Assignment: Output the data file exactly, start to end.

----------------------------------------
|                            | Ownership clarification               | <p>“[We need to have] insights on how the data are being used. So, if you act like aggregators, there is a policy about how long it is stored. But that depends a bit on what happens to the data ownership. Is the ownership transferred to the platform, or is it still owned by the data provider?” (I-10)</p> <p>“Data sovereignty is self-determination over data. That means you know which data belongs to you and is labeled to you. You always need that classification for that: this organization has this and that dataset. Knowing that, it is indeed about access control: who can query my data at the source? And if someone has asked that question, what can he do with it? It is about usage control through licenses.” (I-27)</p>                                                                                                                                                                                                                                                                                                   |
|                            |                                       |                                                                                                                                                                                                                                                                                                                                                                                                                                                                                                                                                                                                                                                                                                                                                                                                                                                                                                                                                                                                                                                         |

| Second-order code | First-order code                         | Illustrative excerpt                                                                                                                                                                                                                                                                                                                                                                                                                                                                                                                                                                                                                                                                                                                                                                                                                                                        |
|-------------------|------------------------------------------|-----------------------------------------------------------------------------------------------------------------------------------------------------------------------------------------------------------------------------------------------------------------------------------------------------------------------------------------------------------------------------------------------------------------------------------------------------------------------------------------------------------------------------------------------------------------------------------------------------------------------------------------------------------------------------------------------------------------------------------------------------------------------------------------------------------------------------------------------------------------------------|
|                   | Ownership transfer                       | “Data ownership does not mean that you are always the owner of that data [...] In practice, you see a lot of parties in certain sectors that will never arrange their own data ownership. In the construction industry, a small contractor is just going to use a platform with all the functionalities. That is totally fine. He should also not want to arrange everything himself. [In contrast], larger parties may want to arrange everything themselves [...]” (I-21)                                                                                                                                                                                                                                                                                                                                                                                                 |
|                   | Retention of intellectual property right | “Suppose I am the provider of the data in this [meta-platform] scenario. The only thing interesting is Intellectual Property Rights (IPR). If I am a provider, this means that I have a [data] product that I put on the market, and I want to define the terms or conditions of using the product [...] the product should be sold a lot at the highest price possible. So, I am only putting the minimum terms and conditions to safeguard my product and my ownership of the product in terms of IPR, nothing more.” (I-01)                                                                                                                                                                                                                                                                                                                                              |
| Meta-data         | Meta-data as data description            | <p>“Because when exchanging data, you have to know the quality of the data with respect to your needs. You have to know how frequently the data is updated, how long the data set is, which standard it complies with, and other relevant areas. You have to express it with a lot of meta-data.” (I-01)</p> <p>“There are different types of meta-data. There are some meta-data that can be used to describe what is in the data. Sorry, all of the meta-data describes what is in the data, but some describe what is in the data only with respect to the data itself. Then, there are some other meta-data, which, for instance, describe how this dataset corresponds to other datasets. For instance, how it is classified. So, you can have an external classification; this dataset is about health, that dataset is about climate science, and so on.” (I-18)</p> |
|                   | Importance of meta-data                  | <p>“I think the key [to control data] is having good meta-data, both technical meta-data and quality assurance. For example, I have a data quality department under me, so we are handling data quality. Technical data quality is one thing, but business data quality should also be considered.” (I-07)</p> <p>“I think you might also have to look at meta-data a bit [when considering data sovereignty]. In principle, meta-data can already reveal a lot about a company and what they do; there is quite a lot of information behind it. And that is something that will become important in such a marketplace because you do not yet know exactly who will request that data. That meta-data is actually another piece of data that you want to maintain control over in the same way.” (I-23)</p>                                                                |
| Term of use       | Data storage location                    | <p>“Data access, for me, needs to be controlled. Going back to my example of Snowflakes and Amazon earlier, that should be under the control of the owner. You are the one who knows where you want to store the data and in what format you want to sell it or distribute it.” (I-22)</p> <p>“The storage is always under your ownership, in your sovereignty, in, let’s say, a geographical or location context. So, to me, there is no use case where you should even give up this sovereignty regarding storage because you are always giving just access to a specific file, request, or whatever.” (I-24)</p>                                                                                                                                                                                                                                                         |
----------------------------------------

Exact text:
|                            | Ownership clarification               | <p>“[We need to have] insights on how the data are being used. So, if you act like aggregators, there is a policy about how long it is stored. But that depends a bit on what happens to the data ownership. Is the ownership transferred to the platform, or is it still owned by the data provider?” (I-10)</p> <p>“Data sovereignty is self-determination over data. That means you know which data belongs to you and is labeled to you. You always need that classification for that: this organization has this and that dataset. Knowing that, it is indeed about access control: who can query my data at the source? And if someone has asked that question, what can he do with it? It is about usage control through licenses.” (I-27)</p>                                                                                                                                                                                                                                                                                                   |
|                            |                                       |                                                                                                                                                                                                                                                                                                                                                                                                                                                                                                                                                                                                                                                                                                                                                                                                                                                                                                                                                                                                                                                         |

| Second-order code | First-order code                         | Illustrative excerpt                                                                                                                                                                                                                                                                                                                                                                                                                                                                                                                                                                                                                                                                                                                                                                                                                                                        |
|-------------------|------------------------------------------|-----------------------------------------------------------------------------------------------------------------------------------------------------------------------------------------------------------------------------------------------------------------------------------------------------------------------------------------------------------------------------------------------------------------------------------------------------------------------------------------------------------------------------------------------------------------------------------------------------------------------------------------------------------------------------------------------------------------------------------------------------------------------------------------------------------------------------------------------------------------------------|
|                   | Ownership transfer                       | “Data ownership does not mean that you are always the owner of that data [...] In practice, you see a lot of parties in certain sectors that will never arrange their own data ownership. In the construction industry, a small contractor is just going to use a platform with all the functionalities. That is totally fine. He should also not want to arrange everything himself. [In contrast], larger parties may want to arrange everything themselves [...]” (I-21)                                                                                                                                                                                                                                                                                                                                                                                                 |
|                   | Retention of intellectual property right | “Suppose I am the provider of the data in this [meta-platform] scenario. The only thing interesting is Intellectual Property Rights (IPR). If I am a provider, this means that I have a [data] product that I put on the market, and I want to define the terms or conditions of using the product [...] the product should be sold a lot at the highest price possible. So, I am only putting the minimum terms and conditions to safeguard my product and my ownership of the product in terms of IPR, nothing more.” (I-01)                                                                                                                                                                                                                                                                                                                                              |
| Meta-data         | Meta-data as data description            | <p>“Because when exchanging data, you have to know the quality of the data with respect to your needs. You have to know how frequently the data is updated, how long the data set is, which standard it complies with, and other relevant areas. You have to express it with a lot of meta-data.” (I-01)</p> <p>“There are different types of meta-data. There are some meta-data that can be used to describe what is in the data. Sorry, all of the meta-data describes what is in the data, but some describe what is in the data only with respect to the data itself. Then, there are some other meta-data, which, for instance, describe how this dataset corresponds to other datasets. For instance, how it is classified. So, you can have an external classification; this dataset is about health, that dataset is about climate science, and so on.” (I-18)</p> |
|                   | Importance of meta-data                  | <p>“I think the key [to control data] is having good meta-data, both technical meta-data and quality assurance. For example, I have a data quality department under me, so we are handling data quality. Technical data quality is one thing, but business data quality should also be considered.” (I-07)</p> <p>“I think you might also have to look at meta-data a bit [when considering data sovereignty]. In principle, meta-data can already reveal a lot about a company and what they do; there is quite a lot of information behind it. And that is something that will become important in such a marketplace because you do not yet know exactly who will request that data. That meta-data is actually another piece of data that you want to maintain control over in the same way.” (I-23)</p>                                                                |
| Term of use       | Data storage location                    | <p>“Data access, for me, needs to be controlled. Going back to my example of Snowflakes and Amazon earlier, that should be under the control of the owner. You are the one who knows where you want to store the data and in what format you want to sell it or distribute it.” (I-22)</p> <p>“The storage is always under your ownership, in your sovereignty, in, let’s say, a geographical or location context. So, to me, there is no use case where you should even give up this sovereignty regarding storage because you are always giving just access to a specific file, request, or whatever.” (I-24)</p>                                                                                                                                                                                                                                                         |